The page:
South Sudan in Peace Retreat as Sudan’s Al-Bashir falls
Report by Hassan John
South Sudanese warring political leaders are meeting with Pope Francis in what, many South Sudanese hope, will be a soul-searching discussion to end the protracted conflict in the world’s youngest nation which has killed about 400,000 people.
The meeting, which is in its second day, at the Vatican’s Casa Santa Marta, is expected to consolidate and affirm a peace deal between President Salva Kiir and the opposition leader Riek Machar. Cardinal Pietro Parolin, the Vatican Secretary of State said the retreat is “dedicated to reflection and prayer.”
While the retreat is going on at the Vatican, the neighbouring Sudanese President Omar al-Bashir has been toppled in what observers call ‘a military coup’ after several weeks of protest by Sudanese over plans to raise the cost of bread and fuel.
Sudan, with a predominantly Muslim population, had in the past, held on to political power, discriminated against and marginalized South Sudan, a predominantly Christian region forcing the southern region to fight for its independence.
Sudan’s history of persecuting Christians, its racism against black people and its ‘Arabising’ and ‘Islamising’ policies still persists. The Sudanese Islamic government has continued its attacks on Christian towns and villages in Darfur and South Kordofan which have predominantly Christian population. Churches are still being targeted and in the Nuba mountains and communities have suffered devastating attacks by the Sudanese military in the Blue Nile region. The ousted President al-Bashir had declared that Sudan would be an Islamic nation, “Sharia (Islamic law) and Islam will be the main source for the constitution, Islam the official religion and Arabic the official language.”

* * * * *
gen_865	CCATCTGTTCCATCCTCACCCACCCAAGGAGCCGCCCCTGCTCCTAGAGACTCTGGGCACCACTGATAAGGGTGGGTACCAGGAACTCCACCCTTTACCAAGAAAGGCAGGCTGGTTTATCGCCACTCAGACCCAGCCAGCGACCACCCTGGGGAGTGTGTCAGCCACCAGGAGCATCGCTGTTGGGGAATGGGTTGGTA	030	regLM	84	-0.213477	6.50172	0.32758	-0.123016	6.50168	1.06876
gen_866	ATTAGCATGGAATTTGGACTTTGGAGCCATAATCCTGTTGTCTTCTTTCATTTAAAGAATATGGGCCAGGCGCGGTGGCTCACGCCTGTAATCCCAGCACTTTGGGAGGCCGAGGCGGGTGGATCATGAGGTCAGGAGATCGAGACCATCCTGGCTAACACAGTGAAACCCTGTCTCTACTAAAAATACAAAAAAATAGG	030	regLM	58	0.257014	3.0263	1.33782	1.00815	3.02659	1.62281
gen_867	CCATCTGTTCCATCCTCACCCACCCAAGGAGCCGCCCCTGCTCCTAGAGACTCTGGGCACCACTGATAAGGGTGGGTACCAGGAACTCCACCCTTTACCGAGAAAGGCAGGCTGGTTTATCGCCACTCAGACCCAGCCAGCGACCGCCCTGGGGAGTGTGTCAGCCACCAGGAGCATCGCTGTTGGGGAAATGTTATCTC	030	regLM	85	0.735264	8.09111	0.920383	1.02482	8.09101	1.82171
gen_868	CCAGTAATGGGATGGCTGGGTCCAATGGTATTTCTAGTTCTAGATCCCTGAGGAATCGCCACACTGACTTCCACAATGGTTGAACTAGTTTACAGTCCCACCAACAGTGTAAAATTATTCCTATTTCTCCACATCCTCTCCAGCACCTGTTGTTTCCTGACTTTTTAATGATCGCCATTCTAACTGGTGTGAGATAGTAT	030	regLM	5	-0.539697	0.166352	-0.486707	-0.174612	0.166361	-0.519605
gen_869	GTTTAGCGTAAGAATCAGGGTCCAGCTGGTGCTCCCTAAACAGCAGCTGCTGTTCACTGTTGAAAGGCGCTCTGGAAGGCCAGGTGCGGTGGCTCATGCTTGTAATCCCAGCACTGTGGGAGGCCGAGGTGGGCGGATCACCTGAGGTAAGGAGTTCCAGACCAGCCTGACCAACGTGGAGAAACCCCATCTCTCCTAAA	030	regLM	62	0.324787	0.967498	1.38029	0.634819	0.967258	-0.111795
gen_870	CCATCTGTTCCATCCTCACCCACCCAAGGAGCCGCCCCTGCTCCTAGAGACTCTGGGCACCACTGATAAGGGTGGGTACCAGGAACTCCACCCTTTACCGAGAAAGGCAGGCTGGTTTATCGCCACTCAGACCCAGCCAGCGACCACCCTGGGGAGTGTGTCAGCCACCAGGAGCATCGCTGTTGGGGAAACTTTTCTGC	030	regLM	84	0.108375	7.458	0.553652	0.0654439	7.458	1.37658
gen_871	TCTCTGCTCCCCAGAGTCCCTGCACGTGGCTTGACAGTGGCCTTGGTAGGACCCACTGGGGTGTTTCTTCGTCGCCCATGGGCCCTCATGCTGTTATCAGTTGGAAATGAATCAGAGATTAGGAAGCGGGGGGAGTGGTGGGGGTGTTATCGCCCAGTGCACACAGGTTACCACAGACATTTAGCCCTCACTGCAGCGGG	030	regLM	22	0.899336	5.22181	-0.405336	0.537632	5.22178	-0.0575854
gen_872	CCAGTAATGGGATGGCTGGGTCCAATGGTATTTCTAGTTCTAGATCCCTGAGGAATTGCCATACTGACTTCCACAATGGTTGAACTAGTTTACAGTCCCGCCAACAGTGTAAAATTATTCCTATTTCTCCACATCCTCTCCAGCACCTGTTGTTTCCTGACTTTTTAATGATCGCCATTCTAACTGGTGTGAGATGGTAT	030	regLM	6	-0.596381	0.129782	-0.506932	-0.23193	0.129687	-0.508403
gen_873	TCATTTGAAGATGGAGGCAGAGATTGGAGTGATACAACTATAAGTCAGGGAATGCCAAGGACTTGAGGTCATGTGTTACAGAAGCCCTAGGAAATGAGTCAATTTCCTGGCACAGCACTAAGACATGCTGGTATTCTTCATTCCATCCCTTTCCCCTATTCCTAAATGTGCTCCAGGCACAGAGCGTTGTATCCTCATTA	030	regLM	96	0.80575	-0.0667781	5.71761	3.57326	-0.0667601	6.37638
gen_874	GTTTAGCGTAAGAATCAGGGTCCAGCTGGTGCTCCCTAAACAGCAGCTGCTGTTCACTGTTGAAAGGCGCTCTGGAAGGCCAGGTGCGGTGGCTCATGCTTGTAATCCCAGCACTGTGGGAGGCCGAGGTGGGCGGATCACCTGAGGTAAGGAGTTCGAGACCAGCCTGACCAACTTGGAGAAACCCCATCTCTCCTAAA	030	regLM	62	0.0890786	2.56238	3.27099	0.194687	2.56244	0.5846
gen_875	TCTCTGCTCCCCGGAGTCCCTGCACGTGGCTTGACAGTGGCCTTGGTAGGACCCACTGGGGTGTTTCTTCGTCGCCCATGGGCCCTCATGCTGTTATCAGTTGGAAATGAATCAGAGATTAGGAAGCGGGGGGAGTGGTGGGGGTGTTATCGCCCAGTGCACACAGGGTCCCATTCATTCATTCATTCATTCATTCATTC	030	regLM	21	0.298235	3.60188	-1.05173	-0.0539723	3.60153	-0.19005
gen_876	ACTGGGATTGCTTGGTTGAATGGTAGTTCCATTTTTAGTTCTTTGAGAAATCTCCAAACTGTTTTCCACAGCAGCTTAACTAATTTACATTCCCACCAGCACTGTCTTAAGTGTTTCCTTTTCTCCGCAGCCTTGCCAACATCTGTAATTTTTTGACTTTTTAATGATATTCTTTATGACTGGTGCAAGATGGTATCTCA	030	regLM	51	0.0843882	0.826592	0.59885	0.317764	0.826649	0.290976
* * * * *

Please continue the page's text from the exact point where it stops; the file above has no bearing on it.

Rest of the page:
Reports of genocide, slavery, sexual exploitation of women and child labor of Christians in in Darfur in the Islamization policy have emerged from the region. Worshippers in African traditional religions have also been targeted and persecuted.
The arrest of Pastors in Sudan on trumped up charges and the destruction of Churches has drawn international attention and criticism but no action has been taken to ease the persecution on Christians in Sudan. Efforts to arrest Al Bashir to get him to face trial for genocide in the International Criminal Court was frustrated by some African leaders.
What the fall of Al-Bashir would mean to the persecuted Christian in Sudan can only be speculated. Observers in both Sudan and South Sudan hope that, even though the ousting of Al-Bashir is a palace coup and may not mean there will be liberty for Christians, many still hope that the wind of change might bring some relief for Christians.